Handel composed Berenice
in December 1736 and January 1737, and directed its first performance on 16 May 1737. It was Handel’s last production at Covent Garden before he returned to the King’s Theatre the following autumn. The libretto was an old one by Antonio Salvi (Berenice, regina d’Egitto
), dating back to 1709. The title role can be identified with the Graeco-Egyptian queen Cleopatra Berenice, daughter of Ptolemy Lathyrus (Ptolemy IX Soter II), who ruled briefly after the death of her father in 81bc. Berenice and her sister are both in love with the same prince, Demetrio, and Berenice angrily rejects an order from the Roman dictator Sulla (conveyed by the Roman ambassador Fabio) that she should marry her cousin Alessandro. However, she is eventually convinced of the sincerity of Alessandro’s love for her, and she tells Fabio she will accept Rome’s choice. After making her decision she reflects on the capriciousness of the goddess Fortune (traditionally portrayed as a blind old woman) in an aria which is virtually a duet for soprano and solo oboe. Voice and instrument are often left unaccompanied as they illustrate the fickleness of fortune by playing with several different fragments of melody.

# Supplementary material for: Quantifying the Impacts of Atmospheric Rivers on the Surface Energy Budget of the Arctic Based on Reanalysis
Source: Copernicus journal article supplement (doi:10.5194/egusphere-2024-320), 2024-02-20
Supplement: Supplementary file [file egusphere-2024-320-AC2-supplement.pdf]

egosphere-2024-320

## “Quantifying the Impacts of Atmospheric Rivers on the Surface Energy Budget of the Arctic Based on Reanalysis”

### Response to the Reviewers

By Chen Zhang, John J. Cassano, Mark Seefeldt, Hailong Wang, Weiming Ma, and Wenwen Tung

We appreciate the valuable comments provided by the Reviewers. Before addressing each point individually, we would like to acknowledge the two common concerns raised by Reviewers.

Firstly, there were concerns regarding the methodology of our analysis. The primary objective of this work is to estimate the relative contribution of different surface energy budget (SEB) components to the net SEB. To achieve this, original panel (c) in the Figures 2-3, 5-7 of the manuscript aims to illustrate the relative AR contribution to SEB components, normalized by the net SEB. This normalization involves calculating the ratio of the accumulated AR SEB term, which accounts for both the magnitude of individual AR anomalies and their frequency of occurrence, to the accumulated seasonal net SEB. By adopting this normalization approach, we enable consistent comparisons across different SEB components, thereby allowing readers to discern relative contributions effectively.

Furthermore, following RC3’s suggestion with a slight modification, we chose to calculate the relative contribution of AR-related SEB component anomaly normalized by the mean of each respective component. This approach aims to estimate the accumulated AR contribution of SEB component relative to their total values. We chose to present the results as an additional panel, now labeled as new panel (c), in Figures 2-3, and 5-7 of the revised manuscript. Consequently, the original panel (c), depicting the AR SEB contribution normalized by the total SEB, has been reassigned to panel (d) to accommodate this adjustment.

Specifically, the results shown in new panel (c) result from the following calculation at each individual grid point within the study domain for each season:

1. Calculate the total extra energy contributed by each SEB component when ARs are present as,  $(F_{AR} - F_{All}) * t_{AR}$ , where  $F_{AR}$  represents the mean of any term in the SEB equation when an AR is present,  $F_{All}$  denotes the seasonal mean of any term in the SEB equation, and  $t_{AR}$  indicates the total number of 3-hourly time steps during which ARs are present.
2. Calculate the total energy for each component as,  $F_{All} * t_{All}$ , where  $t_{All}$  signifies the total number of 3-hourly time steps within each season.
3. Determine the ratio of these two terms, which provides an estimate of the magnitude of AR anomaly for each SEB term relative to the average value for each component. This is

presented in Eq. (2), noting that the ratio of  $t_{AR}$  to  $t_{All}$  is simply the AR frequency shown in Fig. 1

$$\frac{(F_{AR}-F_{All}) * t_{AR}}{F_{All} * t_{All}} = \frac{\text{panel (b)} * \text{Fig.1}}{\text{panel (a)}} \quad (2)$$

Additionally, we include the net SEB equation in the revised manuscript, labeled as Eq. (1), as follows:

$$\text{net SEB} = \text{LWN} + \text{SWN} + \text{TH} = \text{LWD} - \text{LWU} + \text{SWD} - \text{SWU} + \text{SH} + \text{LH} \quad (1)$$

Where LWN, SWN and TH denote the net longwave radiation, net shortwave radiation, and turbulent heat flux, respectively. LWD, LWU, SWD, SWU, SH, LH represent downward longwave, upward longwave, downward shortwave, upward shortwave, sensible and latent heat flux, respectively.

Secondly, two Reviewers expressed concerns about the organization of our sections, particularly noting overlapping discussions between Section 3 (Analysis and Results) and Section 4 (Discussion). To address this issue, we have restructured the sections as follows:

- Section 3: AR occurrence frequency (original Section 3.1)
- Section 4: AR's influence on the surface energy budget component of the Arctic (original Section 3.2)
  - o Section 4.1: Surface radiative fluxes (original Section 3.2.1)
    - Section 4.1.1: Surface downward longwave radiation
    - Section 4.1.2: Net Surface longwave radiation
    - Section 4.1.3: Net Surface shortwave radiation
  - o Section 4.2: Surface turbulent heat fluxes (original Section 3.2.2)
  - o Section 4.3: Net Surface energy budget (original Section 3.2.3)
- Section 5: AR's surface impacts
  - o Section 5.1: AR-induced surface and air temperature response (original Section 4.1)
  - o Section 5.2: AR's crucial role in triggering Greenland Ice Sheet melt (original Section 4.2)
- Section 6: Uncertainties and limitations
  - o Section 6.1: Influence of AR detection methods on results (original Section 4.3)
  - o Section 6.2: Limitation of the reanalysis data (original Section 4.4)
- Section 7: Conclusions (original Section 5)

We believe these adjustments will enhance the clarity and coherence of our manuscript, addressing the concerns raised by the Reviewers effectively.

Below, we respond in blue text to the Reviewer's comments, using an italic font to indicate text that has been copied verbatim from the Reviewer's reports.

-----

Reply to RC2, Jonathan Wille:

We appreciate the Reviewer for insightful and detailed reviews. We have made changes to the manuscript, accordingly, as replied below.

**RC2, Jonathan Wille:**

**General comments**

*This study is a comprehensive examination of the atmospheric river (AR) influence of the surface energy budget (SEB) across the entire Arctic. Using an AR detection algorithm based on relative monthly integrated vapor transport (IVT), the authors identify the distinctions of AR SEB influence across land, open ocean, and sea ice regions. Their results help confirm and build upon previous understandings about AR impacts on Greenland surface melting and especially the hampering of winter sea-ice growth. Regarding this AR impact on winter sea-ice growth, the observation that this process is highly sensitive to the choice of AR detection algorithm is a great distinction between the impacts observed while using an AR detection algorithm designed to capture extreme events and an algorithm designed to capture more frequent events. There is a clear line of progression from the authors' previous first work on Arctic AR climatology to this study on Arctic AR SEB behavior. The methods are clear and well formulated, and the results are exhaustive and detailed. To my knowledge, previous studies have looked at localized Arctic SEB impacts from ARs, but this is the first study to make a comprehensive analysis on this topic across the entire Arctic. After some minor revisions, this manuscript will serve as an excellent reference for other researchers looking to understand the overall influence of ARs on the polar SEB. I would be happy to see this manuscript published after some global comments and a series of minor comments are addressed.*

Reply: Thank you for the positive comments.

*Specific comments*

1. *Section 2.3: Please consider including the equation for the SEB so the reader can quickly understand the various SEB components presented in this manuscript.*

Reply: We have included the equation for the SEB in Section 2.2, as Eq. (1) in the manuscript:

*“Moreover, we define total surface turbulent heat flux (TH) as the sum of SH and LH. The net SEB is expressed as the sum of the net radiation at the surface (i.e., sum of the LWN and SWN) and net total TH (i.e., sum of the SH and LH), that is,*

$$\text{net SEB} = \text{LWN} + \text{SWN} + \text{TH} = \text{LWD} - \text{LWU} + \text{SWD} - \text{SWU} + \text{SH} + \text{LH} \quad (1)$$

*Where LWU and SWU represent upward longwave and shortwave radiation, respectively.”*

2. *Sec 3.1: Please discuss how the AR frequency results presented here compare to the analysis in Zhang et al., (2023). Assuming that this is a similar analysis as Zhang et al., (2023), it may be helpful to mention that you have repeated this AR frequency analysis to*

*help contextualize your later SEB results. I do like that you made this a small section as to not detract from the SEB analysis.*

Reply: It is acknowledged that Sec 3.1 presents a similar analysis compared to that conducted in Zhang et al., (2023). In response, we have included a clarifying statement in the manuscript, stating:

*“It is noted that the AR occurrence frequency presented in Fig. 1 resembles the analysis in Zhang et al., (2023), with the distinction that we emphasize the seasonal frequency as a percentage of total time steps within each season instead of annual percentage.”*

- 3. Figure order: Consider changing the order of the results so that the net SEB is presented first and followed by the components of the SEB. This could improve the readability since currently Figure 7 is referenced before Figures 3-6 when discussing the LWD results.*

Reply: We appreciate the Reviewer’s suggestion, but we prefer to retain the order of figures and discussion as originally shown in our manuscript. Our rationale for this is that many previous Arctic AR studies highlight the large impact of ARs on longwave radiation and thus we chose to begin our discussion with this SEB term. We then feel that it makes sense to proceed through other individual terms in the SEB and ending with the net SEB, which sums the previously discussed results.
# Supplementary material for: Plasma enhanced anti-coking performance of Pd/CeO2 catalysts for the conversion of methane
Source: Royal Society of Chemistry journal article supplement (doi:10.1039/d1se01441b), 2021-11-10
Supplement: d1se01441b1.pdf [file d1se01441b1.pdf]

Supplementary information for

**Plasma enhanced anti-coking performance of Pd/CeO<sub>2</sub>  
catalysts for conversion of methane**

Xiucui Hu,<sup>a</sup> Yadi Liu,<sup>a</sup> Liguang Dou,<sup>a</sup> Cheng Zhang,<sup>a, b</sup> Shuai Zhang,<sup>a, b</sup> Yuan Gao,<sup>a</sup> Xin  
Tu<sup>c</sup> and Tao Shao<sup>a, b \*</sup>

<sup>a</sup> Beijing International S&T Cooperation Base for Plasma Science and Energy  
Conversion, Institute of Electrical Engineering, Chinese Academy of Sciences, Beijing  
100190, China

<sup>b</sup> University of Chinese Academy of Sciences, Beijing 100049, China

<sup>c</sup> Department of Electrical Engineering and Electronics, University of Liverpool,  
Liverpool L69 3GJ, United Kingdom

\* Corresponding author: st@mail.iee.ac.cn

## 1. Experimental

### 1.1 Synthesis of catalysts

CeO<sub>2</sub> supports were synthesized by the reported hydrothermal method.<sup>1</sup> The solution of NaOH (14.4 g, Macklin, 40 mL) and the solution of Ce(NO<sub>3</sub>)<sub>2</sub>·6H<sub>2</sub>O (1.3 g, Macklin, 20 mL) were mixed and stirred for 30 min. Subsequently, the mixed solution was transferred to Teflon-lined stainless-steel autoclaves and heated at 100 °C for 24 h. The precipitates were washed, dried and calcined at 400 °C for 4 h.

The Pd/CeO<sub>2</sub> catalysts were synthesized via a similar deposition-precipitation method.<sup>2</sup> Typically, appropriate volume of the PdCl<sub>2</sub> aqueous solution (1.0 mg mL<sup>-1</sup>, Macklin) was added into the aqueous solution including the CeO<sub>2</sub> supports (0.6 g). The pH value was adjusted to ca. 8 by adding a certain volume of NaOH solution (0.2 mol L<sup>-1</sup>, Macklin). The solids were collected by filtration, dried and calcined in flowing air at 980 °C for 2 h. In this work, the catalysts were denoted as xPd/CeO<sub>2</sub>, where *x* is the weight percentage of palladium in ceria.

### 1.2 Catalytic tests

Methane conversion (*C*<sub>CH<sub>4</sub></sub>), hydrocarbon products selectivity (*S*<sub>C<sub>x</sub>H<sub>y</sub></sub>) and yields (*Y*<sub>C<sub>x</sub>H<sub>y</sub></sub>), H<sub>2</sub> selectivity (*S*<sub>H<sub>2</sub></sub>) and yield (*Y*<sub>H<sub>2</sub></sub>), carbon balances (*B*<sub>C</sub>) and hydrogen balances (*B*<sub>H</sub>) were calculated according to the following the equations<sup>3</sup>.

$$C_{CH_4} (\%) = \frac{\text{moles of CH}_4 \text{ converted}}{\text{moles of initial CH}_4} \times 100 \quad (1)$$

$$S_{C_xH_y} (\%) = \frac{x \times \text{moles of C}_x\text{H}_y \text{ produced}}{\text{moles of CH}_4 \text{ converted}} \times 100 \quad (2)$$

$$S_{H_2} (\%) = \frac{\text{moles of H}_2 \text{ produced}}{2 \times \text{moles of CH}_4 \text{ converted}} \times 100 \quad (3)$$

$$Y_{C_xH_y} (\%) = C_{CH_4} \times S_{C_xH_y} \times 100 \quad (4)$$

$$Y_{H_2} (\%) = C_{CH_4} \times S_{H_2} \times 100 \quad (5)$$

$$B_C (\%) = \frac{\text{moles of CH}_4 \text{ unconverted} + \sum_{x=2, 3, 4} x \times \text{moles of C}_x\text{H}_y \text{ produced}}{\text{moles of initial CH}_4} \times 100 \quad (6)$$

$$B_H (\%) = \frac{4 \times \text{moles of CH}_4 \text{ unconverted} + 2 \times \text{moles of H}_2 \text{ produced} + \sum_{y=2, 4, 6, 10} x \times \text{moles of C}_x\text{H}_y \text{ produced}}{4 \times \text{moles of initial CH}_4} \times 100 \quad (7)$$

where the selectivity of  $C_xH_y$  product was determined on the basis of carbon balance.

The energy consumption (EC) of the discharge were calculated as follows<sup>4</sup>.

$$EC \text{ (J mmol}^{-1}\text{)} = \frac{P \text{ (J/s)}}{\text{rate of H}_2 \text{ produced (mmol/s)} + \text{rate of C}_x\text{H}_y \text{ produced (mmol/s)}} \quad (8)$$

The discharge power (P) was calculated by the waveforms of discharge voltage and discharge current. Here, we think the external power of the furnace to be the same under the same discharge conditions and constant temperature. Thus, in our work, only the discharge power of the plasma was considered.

from notes by Anthony Hicks © 2000